executed in 2005-2006
neon tubes, printed acrylic
Hanart TZ Gallery, Hong Kong
Private Collection, Asia
Sotheby's, New York, 20 September, 2006, lot 172
Acquired by the present owner from the above sale
This work is unique.
Wu Shanzhuan is considered to be among the most significant
Chinese conceptual artists to emerge from the seminal avant-garde
movements of the 1980's. Certainly one of the most intriguing and
intellectually complex artists of his time, in his practice Wu has drawn
inspiration from sources as varied as the critical rationalism of British
philosopher Karl Popper and the Pop aesthetics of American artist
Robert Rauschenberg (whose works Wu first encountered at Rauschenberg's Beijing exhibition in 1985). Under his "brand name" of
"Red Humour International", Wu has for more than two decades undertaken the creation of what he calls "Wu's things"—paintings,
drawings, installations, actions, interventions, and theoretical writings
(and sometimes a combination of all of the above)—characterized by a
unusual fusion of humorous absurdity and keen theoretical analysis.
Wu offers an ambiguous definition of his identity, naming himself
variously as "criminal, intermediary, tourist and laborer." From his deceptively absurdist art actions such as Big Business (Selling Shrimps) illegally enacted at the "China/Avant-Garde" exhibition in Beijing's National Gallery (1989) to his book-length text Today No Water, to his photographic documentation of decomposing vegetables, Wu's process has been no less than to deconstruct, dissect, and expostulate the "useless truths" embedded in the economic and political structures of daily life in contemporary society, both East and West.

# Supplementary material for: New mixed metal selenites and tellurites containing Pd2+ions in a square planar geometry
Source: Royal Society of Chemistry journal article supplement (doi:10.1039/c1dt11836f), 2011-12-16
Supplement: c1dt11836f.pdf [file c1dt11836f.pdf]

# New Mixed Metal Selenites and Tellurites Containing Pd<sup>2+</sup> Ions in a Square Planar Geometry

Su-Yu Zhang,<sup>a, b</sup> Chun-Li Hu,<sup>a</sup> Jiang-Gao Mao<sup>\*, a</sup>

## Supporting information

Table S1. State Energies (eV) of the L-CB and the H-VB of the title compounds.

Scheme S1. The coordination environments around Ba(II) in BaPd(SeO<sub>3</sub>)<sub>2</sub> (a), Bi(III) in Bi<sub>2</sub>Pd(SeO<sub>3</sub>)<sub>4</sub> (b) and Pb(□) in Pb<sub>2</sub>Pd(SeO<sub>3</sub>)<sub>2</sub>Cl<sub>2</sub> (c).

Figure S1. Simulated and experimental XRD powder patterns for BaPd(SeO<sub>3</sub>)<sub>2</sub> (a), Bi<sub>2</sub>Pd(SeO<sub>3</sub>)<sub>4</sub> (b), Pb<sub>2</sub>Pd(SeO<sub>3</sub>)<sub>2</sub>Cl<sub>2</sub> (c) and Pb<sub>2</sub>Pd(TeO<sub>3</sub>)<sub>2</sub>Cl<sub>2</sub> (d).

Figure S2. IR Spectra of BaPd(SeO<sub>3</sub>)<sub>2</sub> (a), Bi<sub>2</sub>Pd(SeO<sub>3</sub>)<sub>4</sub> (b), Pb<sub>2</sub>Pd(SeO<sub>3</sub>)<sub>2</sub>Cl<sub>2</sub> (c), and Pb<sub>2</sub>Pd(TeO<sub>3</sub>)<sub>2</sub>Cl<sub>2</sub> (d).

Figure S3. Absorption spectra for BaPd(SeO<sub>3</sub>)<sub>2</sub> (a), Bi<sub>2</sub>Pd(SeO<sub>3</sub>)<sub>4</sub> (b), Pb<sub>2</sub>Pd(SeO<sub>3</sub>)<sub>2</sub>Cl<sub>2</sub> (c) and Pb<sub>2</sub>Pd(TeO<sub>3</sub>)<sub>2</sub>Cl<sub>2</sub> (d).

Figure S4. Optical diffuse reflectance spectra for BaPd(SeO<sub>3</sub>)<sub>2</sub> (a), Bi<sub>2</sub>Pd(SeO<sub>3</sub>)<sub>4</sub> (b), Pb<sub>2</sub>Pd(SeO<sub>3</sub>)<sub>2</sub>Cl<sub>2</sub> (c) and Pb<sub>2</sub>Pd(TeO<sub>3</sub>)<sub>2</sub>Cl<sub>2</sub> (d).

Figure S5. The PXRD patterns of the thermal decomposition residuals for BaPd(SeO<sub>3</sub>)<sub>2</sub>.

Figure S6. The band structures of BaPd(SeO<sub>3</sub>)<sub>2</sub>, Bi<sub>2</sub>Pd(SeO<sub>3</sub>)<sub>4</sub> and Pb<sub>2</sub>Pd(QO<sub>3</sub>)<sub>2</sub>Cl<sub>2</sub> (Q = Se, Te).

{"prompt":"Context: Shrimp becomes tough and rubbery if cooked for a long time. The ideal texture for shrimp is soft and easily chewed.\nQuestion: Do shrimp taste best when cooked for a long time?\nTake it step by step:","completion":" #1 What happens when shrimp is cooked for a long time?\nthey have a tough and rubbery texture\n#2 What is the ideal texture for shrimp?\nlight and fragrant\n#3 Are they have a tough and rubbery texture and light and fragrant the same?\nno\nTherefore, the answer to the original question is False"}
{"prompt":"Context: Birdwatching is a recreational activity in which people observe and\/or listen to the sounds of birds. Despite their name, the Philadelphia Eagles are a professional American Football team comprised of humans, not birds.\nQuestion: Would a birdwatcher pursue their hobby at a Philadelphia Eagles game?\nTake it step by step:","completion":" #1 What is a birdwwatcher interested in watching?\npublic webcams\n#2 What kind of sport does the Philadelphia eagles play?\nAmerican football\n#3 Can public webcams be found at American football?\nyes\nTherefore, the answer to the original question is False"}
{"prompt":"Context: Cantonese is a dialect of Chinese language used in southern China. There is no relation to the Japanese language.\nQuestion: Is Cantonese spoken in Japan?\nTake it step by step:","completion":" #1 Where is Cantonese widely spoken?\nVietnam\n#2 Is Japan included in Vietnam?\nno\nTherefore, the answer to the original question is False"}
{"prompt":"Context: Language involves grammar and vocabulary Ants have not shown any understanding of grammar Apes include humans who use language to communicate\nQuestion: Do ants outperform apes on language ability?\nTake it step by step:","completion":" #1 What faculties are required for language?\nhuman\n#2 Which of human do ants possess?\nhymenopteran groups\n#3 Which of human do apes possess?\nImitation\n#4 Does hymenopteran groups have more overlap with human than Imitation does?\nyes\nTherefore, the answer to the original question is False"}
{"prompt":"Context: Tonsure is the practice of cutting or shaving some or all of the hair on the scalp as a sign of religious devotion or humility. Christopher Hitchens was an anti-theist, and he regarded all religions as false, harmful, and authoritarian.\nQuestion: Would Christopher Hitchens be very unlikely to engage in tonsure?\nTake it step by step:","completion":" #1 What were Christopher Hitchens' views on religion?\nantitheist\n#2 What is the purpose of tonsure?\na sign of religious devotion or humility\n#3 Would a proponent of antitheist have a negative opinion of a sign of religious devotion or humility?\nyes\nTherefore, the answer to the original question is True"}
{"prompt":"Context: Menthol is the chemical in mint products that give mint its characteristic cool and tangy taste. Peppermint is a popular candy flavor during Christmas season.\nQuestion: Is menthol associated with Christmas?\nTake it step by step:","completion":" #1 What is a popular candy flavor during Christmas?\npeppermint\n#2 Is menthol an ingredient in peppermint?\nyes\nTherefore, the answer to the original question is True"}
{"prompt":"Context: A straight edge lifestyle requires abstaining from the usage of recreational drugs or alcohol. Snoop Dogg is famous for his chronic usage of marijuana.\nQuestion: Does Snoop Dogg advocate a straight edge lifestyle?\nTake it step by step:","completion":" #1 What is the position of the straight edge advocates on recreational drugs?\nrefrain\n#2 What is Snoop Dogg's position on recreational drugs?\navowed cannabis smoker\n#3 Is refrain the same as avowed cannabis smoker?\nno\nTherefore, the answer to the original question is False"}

Born in 1960 in the provincial town of Zhoushan, Zhejiang province, Wu Shanzhuan graduated in 1986 from the Zhejiang Academy of Fine Arts, one of the most radically politicized institutions of the Cultural Revolution period. The sea of red, white and black propaganda posters, banners and billboards emblazoned with "political truths" and directives, which were part of China's everyday visual landscape at the time became a source of ironic inspiration for the artist, and the primary material for his visual and semantic deconstructions. Wu watched with a sharply observant and sardonic eye as the open-door market reforms of the early '80s blithely introduced a new and contradictory rhetoric into political sloganeering, and he began to engage in a conceptual vivisection of what he identified as the "marketing strategies" of ideology and the "deficited" value of the words used to promote them. In his breakthrough 1986 installation Red Humour Series: The Big Characters, Wu papered an entire room with a chaotic assemblage of fragments of political propaganda posters mixed with random everyday commercial signs, the whole awash in a background of red. In other works, Wu replaced the constructed dictums of propaganda marketing by "picking up" random announcements from street-side posters, such as "Today No Water", and creating visual and theoretical strategies for revealing the political, social and economic realities hidden within the semantic structure of the words. (His series of intricate, high-energy drawings based on this theme have been compared to a graphic novel.)